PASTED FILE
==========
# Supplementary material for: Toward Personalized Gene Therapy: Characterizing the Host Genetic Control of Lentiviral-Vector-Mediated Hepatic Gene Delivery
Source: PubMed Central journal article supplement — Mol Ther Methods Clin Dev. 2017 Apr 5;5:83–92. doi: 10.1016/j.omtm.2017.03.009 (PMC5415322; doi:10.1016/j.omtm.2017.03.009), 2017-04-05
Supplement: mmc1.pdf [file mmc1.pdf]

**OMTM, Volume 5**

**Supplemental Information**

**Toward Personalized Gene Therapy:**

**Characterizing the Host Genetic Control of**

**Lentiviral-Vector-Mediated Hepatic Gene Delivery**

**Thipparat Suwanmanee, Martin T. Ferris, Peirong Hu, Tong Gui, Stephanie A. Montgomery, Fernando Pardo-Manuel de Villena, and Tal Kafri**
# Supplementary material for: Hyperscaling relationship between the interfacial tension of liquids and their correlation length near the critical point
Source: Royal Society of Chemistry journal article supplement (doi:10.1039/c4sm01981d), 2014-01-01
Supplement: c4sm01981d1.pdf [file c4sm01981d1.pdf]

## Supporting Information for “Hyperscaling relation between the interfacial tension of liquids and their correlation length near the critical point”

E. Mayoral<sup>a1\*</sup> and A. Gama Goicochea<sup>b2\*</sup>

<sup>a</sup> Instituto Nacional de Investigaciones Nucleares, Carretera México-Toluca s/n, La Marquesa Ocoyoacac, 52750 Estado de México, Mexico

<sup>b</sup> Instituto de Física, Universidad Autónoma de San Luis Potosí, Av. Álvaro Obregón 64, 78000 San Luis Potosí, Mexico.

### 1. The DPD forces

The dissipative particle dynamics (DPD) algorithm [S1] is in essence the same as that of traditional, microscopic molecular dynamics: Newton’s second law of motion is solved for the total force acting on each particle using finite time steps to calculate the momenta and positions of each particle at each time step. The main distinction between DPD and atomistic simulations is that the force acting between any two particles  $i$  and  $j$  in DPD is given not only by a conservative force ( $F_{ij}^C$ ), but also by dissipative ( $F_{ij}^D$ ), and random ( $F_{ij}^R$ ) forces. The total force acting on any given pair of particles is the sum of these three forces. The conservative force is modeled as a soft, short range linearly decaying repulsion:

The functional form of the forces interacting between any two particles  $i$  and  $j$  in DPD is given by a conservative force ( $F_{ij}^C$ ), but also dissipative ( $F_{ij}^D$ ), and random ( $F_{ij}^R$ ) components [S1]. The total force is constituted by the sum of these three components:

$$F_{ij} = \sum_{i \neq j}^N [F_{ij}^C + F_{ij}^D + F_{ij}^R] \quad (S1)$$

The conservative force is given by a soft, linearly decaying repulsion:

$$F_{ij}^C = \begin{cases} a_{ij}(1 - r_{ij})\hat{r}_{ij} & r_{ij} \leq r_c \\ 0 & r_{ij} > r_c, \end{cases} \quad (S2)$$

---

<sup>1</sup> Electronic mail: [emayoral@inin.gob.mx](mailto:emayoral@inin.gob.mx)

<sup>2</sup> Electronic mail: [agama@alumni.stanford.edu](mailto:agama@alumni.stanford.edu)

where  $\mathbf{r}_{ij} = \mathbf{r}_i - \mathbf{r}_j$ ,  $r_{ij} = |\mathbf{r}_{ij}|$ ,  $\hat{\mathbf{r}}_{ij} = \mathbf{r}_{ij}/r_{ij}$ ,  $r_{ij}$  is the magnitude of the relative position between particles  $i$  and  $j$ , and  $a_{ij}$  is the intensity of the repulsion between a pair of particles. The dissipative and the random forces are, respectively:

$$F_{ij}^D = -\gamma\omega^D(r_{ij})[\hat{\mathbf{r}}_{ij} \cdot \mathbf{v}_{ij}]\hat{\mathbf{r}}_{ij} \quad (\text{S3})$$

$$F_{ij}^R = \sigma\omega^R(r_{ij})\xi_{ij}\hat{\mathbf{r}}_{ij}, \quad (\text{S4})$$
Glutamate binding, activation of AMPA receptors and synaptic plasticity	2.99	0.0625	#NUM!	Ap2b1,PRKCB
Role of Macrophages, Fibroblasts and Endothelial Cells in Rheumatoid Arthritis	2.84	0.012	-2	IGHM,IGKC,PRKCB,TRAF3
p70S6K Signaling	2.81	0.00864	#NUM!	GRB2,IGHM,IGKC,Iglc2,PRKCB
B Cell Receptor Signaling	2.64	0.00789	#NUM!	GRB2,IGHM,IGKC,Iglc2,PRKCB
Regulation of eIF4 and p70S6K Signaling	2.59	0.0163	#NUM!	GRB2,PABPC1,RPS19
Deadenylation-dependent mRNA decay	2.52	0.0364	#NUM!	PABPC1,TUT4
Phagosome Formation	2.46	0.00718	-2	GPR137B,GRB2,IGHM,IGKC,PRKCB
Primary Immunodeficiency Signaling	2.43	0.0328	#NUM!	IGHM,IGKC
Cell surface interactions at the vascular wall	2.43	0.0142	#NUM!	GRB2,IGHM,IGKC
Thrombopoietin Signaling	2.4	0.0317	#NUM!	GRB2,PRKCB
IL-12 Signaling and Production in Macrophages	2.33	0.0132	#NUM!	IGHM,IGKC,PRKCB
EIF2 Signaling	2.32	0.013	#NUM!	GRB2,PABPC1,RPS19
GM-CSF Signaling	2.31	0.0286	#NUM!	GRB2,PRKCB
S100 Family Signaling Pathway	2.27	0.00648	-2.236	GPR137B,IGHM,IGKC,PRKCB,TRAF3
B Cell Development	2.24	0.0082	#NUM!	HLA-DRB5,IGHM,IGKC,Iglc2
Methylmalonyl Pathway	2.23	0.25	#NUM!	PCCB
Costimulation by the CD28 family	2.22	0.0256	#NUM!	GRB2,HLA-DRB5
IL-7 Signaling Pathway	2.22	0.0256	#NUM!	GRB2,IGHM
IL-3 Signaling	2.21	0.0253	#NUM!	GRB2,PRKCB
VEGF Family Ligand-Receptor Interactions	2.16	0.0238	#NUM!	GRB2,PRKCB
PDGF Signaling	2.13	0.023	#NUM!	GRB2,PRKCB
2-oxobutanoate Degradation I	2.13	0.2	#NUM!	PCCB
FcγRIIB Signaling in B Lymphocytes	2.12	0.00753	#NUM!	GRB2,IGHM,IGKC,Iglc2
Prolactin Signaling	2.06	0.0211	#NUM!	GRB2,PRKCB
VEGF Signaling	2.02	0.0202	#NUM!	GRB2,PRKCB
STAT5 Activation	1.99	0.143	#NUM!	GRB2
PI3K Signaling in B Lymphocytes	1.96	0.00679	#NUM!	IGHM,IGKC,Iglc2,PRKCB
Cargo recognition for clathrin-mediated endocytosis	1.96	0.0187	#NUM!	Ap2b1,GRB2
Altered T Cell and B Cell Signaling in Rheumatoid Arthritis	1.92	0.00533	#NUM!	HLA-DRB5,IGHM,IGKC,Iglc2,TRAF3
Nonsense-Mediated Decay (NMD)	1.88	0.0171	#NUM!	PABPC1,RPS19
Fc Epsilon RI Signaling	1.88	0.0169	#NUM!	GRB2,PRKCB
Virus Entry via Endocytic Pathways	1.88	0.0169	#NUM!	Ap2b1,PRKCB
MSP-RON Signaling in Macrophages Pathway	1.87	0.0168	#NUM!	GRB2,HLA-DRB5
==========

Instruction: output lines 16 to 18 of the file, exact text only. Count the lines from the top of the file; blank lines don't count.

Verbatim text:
<sup>b</sup> Instituto de Física, Universidad Autónoma de San Luis Potosí, Av. Álvaro Obregón 64, 78000 San Luis Potosí, Mexico.

### 1. The DPD forces

The dissipative particle dynamics (DPD) algorithm [S1] is in essence the same as that of traditional, microscopic molecular dynamics: Newton’s second law of motion is solved for the total force acting on each particle using finite time steps to calculate the momenta and positions of each particle at each time step. The main distinction between DPD and atomistic simulations is that the force acting between any two particles  $i$  and  $j$  in DPD is given not only by a conservative force ( $F_{ij}^C$ ), but also by dissipative ( $F_{ij}^D$ ), and random ( $F_{ij}^R$ ) forces. The total force acting on any given pair of particles is the sum of these three forces. The conservative force is modeled as a soft, short range linearly decaying repulsion: